Tuesday, May 26, 2015

Review: Contract City by Mark Falkin

The year is 2021 and the money is still green. The fully privatized city of Tulsa, OK, is home to Sara Paige Christie, a teenage girl with her heart set on a film career in L.A. and her camera trained on the graffiti-covered walls of the city’s outskirts. In pursuit of a documentary subject that might propel her from college hopeful to film school admittee at USC, Sara has focused her ambitions upon a singularly ubiquitous tag—WH2RR?? From the facades of storefronts to the walls of public restrooms, the tag is appearing nearly everywhere. Its stark all-capital letters and demanding question marks have captured Sara’s imagination, even as the private security personnel of Free Force Tulsa (FFT) scramble to eliminate the marks with power washers, gray-overs, and full censorship, stripping even photographs of the tags from the locally accessible Internet. 

Sara has no doubt that there is meaning hidden in plain sight, and she sets off on a mission to find the person behind the mysterious tags while balancing an already full life: her final exams, her wild best friend, a physical fitness test that threatens her GPA, and a family that seems almost oblivious to what’s happening just down the street from their suburban home.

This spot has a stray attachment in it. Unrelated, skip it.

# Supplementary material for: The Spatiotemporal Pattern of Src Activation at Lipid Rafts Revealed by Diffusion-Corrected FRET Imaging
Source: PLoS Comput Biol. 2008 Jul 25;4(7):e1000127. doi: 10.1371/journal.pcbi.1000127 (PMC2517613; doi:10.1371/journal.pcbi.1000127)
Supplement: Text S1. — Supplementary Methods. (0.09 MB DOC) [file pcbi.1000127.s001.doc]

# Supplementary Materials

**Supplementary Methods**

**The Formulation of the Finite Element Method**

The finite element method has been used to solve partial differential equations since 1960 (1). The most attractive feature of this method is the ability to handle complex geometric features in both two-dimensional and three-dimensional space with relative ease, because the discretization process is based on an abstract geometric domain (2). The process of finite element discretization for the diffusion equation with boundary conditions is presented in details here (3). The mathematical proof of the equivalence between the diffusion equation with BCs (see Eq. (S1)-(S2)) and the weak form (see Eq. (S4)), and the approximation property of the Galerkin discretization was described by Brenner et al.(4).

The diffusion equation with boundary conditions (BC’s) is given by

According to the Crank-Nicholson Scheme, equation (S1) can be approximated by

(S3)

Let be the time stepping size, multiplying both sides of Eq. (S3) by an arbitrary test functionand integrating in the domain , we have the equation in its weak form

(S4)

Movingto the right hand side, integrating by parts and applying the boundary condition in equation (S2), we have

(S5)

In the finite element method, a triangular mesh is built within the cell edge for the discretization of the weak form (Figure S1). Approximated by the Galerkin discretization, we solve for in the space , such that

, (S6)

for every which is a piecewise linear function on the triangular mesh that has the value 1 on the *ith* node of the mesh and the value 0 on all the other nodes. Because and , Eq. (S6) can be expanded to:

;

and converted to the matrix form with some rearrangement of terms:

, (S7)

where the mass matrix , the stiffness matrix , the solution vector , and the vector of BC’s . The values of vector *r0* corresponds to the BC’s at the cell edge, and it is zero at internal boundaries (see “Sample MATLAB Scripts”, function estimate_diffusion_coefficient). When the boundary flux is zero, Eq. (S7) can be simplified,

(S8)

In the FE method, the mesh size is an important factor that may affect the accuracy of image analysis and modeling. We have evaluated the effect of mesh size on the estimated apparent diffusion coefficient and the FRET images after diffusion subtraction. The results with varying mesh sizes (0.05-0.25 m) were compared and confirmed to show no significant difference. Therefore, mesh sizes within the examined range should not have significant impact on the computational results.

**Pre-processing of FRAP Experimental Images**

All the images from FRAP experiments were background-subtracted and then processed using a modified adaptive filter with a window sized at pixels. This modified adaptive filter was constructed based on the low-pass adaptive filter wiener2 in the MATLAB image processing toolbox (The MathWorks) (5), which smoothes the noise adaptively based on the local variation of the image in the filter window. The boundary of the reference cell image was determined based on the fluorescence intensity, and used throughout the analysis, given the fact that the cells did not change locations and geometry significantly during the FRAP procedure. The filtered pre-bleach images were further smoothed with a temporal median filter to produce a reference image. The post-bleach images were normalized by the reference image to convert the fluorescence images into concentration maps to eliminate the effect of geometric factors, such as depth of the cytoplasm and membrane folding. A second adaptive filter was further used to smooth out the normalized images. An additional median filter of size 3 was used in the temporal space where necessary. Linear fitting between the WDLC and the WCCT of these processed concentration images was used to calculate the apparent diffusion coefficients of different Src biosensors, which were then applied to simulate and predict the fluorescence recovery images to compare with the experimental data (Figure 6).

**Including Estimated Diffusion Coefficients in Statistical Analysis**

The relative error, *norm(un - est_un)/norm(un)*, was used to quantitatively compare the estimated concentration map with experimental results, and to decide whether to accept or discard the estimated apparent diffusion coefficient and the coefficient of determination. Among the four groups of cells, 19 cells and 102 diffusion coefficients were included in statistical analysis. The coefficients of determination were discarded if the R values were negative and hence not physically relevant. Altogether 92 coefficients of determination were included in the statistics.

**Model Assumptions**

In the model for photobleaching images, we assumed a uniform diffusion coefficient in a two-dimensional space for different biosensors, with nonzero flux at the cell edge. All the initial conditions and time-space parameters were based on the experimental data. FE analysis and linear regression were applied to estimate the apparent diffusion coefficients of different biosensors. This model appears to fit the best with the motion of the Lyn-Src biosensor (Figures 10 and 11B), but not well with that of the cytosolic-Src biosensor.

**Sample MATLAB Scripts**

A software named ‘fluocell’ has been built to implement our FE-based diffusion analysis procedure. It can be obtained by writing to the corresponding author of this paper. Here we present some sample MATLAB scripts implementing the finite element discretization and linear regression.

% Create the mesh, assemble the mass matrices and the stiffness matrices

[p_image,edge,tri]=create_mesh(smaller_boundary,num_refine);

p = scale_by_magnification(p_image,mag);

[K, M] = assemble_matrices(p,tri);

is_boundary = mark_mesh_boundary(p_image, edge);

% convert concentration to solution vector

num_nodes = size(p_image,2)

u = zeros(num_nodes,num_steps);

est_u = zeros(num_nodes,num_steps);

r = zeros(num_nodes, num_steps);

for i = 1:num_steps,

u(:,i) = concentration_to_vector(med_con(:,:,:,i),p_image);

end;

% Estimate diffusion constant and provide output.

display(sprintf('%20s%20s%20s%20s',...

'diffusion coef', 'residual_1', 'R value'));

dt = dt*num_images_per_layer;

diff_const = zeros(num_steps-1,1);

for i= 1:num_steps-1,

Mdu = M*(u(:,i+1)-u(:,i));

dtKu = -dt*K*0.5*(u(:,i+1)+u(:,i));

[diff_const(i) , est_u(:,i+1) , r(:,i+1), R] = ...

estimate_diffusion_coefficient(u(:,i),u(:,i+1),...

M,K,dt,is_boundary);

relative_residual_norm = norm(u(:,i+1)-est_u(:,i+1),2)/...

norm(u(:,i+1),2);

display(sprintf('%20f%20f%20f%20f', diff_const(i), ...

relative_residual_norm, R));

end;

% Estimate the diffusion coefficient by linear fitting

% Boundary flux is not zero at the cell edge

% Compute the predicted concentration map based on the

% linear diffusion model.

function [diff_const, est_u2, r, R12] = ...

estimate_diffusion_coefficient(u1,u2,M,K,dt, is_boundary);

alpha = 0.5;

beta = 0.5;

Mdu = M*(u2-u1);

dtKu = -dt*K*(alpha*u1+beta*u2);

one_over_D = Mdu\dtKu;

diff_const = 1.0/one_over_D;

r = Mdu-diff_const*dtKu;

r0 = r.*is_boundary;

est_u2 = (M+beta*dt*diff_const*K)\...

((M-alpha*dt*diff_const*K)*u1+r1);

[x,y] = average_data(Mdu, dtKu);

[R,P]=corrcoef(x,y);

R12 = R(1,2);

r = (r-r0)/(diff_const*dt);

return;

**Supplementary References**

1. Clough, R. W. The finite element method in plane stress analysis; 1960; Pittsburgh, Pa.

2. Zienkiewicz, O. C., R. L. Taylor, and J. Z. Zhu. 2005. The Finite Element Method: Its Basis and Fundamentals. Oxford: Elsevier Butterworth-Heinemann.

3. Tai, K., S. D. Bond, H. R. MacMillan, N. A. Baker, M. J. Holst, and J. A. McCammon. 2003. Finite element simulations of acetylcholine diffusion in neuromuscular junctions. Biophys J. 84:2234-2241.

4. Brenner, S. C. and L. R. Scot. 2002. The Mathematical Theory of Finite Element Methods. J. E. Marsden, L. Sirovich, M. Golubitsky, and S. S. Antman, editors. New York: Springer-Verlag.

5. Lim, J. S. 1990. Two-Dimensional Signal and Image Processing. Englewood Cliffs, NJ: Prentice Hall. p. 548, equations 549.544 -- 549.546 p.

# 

With the exception, perhaps, of her father. 

A retired Marine turned FFT investigator, Sara’s dad has been on the trail of the graffiti artist for his own professional reasons. And if he knows what’s going on, he’s not telling Sara. And they're not the only ones on the hunt… 

Tensions are rising in town and beyond. Between the machinations of the city’s home-grown megachurch, Chosen Hill, and the movements of a growing camp of homeless citizens parked just beyond Tulsa’s comfort and security, life in Tulsa is about to become very interesting, and Sara just might be in the right place to catch it all on film… … but only if she survives.

Received for review.

This follows the vein of the now standard dystopian teen novel and is fairly standard.  In a nutshell the world is horrible and the only way for it to be saved is through the actions of one unusually intelligent and motivated teen.  
This is written very well, so much so that I almost liked the main character, Sara, who was really rather annoying.  The story zipped along nicely and made this far less painful than it could have been.

Overall, this was a solid read for those who enjoy reading about whiny teens in dystopian worlds and I certainly recommend it for them.

★★★☆☆ = Liked It

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